In Women who have murdered their husbands (2005), Real Beauty (2008) and Soweto (2009-2010), the viewer becomes acquainted with more direct, portrait-like eye contact, involving the viewer but perhaps most importantly, repeatedly making them aware of him/herself as a spectator and outsider. This technique of Bieber’s encourages self-reflection and causes one to re-assess their initial perception of the work, questioning the extent to which the image has been constructed or the authenticity of the moment. In turn, this brings about larger questions of what society takes as truth without questioning its accuracy, or the presence of other alternative truths. This, the ability of Bieber’s photography to delve deeper than its aesthetics into questions of truth and the endurance of the human spirit, brings to mind a somewhat prophetic quote by photographer, Alfred Stieglitz in 1922: “If a photographer has the aesthetic perception; if he feels living beauty in anything concrete that he wishes to photograph; if he is actually searching for the truth; he can get the spirit of it through the camera as well as the painter can through paint.”
As much as Bieber’s work brings into light the difficult circumstances that people face, her work also identifies the universalisms which foster resilience regardless of social, political or economic contexts; universal experiences such as love, music, costume, dance, religion, smoking, drugs or alcohol. Whether it’s a young couple embracing, a row of waiting nuns or a destitute man shooting up, Bieber’s photographs depict real people exploring their own (yet recognizable) ways of transcending reality. It soon becomes apparent that Bieber’s photography may be functioning in the same way for her as a mechanism that allows her to grapple with her own life, allowing her to come to terms not only with the world that surrounds her but with herself as an individual. In her discussion of Real Beauty (2008), for example, Bieber (2015) reveals that her turning 40 was the impetus for the series, aiming to interrogate society’s ideals of beauty and perfection.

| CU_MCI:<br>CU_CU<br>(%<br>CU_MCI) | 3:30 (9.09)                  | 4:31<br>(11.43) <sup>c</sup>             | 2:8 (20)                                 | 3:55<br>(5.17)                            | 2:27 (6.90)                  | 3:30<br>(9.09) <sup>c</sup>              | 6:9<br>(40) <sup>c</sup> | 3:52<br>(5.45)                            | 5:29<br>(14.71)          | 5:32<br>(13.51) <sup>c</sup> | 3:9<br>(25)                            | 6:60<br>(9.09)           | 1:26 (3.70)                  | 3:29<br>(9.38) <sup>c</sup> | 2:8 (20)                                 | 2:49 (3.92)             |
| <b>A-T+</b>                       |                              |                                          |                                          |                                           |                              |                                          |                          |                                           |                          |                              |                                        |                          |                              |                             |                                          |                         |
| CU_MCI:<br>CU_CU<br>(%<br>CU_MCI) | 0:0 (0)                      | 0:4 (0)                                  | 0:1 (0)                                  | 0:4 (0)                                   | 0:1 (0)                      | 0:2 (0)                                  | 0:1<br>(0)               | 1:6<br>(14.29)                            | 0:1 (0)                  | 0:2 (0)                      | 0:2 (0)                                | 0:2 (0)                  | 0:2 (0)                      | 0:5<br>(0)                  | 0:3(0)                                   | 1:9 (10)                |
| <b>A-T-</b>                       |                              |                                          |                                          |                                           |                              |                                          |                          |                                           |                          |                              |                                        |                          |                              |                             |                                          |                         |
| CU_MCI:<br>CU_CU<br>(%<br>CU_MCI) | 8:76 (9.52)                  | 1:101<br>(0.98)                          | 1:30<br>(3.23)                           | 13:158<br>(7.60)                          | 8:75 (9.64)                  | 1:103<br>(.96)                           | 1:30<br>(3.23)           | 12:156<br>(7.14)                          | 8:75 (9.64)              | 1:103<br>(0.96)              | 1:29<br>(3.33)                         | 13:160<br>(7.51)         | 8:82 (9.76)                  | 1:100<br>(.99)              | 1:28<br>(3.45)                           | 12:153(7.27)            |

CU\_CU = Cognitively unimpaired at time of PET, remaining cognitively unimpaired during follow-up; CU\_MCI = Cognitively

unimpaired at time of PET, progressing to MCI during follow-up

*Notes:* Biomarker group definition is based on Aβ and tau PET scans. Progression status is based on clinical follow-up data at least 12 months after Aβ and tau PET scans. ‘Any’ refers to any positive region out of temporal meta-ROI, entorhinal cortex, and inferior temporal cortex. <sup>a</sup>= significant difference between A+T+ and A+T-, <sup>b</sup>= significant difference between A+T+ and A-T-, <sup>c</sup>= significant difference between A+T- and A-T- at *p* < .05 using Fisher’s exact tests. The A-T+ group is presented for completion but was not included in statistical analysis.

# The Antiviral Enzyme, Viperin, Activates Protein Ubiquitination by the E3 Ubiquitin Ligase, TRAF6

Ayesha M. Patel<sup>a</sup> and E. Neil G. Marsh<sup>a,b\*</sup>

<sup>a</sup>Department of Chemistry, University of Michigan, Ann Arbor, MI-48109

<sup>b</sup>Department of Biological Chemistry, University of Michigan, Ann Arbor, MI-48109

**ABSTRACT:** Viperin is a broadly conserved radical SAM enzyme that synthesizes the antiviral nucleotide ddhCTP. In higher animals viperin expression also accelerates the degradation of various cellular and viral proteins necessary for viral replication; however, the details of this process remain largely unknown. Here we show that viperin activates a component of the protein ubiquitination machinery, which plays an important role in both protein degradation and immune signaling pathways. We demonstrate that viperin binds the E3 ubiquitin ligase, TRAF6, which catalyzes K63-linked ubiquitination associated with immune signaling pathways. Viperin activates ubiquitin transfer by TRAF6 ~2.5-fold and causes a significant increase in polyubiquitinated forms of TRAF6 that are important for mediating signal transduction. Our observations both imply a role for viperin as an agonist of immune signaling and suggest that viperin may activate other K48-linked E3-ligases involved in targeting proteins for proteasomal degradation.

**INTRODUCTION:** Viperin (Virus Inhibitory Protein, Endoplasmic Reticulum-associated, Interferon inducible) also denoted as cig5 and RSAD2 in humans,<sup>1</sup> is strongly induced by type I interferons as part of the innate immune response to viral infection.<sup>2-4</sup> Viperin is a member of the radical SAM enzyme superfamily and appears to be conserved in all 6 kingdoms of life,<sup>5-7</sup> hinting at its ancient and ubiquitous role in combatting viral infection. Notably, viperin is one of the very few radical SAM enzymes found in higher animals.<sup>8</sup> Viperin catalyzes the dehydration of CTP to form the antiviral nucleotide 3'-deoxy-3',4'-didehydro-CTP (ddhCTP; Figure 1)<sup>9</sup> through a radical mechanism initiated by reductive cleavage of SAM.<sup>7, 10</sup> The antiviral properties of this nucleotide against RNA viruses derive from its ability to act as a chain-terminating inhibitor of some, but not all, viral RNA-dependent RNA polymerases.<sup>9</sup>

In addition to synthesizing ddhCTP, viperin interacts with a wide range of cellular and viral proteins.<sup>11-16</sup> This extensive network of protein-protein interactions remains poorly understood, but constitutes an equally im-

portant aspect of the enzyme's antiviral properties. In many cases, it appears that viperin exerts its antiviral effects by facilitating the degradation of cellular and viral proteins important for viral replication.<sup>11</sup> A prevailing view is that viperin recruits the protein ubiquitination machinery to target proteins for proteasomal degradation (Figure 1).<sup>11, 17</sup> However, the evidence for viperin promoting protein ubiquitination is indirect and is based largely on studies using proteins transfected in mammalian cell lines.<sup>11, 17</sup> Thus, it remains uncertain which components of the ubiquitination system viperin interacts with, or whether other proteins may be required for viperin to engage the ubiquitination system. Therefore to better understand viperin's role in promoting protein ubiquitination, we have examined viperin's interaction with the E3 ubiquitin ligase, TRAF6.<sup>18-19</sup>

In this way, Bieber’s work is as much about her as it is about the people she photographs, once again allowing an air of commonality and empathy to be made manifest. In another excerpt from Between Dogs and Wolves: Growing up with South Africa (2006), the photographer articulates her philosophy that “we all have two sides and, depending on the changing circumstances of our lives, one side might overshadow the other.” What is particularly poignant here is her reference to a state of being between two polarities, a territory that is difficult to name or categorize. The exhibition interrogates this by blurring the space between ‘us’ and ‘them’, the space between ‘right’ and ‘wrong’, as well as the space between not-knowing and understanding; ‘darkness’ and ‘light’. While the title may also be metaphoric of South Africa’s progression from its troubled past to a more hopeful future, the exhibition situates itself in the present- our shared space in between.
Bieber, J. 2006. Between Dogs and Wolves: Growing up with South Africa. Cape Town: Juta and Company Ltd.
Bieber, J. 2015. Between Darkness and Light. Cape Town: Iziko National Gallery.
Stieglitz, A.1922. Is Photography a Failure? The New York Sun. March 14, p. 20.